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New Study Finds Europa’s Crust Might be Built by “Frazil Ice”

Europa Jupiter
New study finds Europa’s crust might be built by “Frazil Ice.” Credit: NASA

According to a new study published in the journal Astrobiology, the crust of Jupiter’s ice moon Europa, may have been partially formed by a fluffy buildup of ice crystals known as “frazil ice.”

Europa’s icy crystals suggest that the shell of Jupiter’s famous ice moon was formed in part by pure underwater snow that floats up rather than falls down.

This frazil ice, which also forms beneath Earth’s ice sheets, has a fraction of the salt found in ice that forms on the ice shelf itself, implying that Europa’s ice sheets may be less salty than previously thought.

According to Natalie Wolfenbarger, a graduate student researcher at the University of Texas Institute for Geophysics and the lead author in the study of exploring Europa, the salinity and composition of the ocean are the epitome of the study.

“When we’re exploring Europa, we’re interested in the salinity and composition of the ocean, because that’s one of the things that will govern its potential habitability or even the type of life that might live there,” she said.

According to NASA, astrobiologists identify Europa as one of the most intriguing objects in the solar system. The moon is covered by an ocean forty to one hundred miles (60 to 150 kilometers) deep, capped off by an ice crust ten to fifteen miles (15 to 25 km) thick.

NASA also claims, Europa’s surface-wide ocean may hold about twice the water as all of Earth’s oceans although it is a quarter of the size of Earth. This makes Jupiter’s moon an intriguing place to search for extraterrestrial life.

New Nasa Orbiter ‘Europa Clipper’ to be launched to aid study

Scientists at the University of Texas at Austin are leading the development of a new NASA orbiter, the Europa Clipper, set to launch in October 2024.

The ice-penetrating radar instrument will fly by the ice moon to see if it might be a suitable habitat for life by peering into the ice sheet and the ocean just beneath it.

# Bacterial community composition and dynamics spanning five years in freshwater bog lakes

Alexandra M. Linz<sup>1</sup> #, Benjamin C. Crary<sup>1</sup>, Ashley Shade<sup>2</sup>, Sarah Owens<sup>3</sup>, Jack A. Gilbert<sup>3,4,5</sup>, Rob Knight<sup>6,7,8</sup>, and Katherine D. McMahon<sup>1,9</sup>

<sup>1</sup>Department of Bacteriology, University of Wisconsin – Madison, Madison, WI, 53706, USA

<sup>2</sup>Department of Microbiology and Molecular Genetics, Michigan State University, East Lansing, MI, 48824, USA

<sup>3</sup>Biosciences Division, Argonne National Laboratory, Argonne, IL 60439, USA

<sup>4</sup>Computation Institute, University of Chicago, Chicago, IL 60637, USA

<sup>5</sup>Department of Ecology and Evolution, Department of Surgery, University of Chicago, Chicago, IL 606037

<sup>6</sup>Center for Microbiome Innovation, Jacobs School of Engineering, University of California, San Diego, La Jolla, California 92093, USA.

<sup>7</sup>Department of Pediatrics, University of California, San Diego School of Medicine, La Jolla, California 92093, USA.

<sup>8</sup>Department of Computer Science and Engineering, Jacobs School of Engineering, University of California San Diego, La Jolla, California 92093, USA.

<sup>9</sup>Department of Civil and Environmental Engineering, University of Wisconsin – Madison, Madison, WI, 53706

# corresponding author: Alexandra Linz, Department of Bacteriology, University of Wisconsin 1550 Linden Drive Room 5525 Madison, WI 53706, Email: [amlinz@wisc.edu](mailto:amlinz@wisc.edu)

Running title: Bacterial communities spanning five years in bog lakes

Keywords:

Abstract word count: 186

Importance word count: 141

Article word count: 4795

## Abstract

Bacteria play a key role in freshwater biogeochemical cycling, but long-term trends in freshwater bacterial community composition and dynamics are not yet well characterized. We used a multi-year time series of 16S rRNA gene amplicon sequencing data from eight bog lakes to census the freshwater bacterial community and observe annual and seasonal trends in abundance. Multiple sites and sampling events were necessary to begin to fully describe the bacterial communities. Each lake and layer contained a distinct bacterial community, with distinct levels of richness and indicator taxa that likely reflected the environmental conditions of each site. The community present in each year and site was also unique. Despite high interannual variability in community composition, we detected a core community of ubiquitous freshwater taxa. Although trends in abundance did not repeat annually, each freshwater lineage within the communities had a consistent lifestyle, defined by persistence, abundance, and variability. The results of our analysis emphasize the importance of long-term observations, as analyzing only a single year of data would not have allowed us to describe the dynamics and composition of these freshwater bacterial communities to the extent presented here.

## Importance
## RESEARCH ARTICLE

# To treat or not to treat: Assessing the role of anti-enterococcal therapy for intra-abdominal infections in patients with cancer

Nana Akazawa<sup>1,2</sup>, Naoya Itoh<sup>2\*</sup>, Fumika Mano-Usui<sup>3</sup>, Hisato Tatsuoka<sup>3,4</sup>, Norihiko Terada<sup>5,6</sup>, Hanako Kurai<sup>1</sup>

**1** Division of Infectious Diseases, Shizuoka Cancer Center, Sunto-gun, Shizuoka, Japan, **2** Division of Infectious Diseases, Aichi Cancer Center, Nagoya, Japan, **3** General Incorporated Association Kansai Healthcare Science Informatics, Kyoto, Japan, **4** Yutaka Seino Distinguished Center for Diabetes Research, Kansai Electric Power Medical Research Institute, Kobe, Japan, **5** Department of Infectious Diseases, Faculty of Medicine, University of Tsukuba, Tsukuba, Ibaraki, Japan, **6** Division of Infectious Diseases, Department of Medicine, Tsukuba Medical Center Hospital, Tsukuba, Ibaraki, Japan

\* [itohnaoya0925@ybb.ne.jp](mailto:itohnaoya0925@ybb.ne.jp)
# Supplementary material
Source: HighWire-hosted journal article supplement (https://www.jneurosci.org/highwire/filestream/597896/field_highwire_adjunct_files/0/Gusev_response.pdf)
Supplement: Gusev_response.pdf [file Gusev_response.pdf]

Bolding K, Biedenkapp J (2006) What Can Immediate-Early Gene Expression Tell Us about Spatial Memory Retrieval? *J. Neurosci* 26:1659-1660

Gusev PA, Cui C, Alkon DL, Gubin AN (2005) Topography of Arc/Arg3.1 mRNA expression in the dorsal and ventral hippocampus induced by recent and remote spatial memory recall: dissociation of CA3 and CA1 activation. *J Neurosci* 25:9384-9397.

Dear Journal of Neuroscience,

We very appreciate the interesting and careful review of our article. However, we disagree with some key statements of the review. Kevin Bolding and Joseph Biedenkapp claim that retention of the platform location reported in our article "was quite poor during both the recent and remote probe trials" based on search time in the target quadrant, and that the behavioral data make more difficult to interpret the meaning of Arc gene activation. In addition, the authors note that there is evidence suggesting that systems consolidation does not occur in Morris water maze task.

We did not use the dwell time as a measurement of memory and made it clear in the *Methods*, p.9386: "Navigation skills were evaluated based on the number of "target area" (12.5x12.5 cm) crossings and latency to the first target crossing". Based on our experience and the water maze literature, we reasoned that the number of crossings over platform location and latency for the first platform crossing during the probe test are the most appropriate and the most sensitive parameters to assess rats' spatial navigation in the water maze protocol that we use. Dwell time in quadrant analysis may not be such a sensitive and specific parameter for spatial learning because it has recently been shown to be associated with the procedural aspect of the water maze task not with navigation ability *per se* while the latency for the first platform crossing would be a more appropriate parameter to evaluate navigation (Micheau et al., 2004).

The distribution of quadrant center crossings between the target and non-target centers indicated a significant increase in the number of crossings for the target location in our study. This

The efforts of this research are aimed at understanding how the ice sheet might be structured.

They used Earth as an analogy, looking at the two primary ways that ice originates beneath the ice sheets of Antarctica. Congelation ice is one type that develops from the ice shelf’s surface. The second type of ice, known as frazil ice, develops in frigid seawater and drifts upward as flakes like reverse snow before getting stuck beneath the ice sheet.

Europa likely to have a low-temperature gradient

Like Antarctica, Europa is likely to have a low-temperature gradient, meaning the temperature changes little with depth.

Analyzing the observed conditions, Wolfenbarger found, that frazil ice is quite common, particularly in spots where the ice thins in rifts or fractures. This is also common on Europa, and it could make a big difference in the composition of the moon’s ice shell.

Whereas congelation ice might contain ten percent of the salt of the surrounding seawater, frazil ice is far purer, containing only 0.1 percent of the salt in the seawater from which it forms.

Not only could this low-salt ice affect the structure and strength of Europa’s ice crust, but it could also impact the efficiency by which Clipper’s radar can penetrate the ice.

In a statement, Steve Vance, a research scientist at NASA’s Jet Propulsion Laboratory (JPL) said that “this paper is opening up a whole new batch of possibilities for thinking about ocean worlds and how they work.”

“It sets the stage for how we might prepare for Europa Clipper’s analysis of the ice,” he added—although he was not involved in the study.

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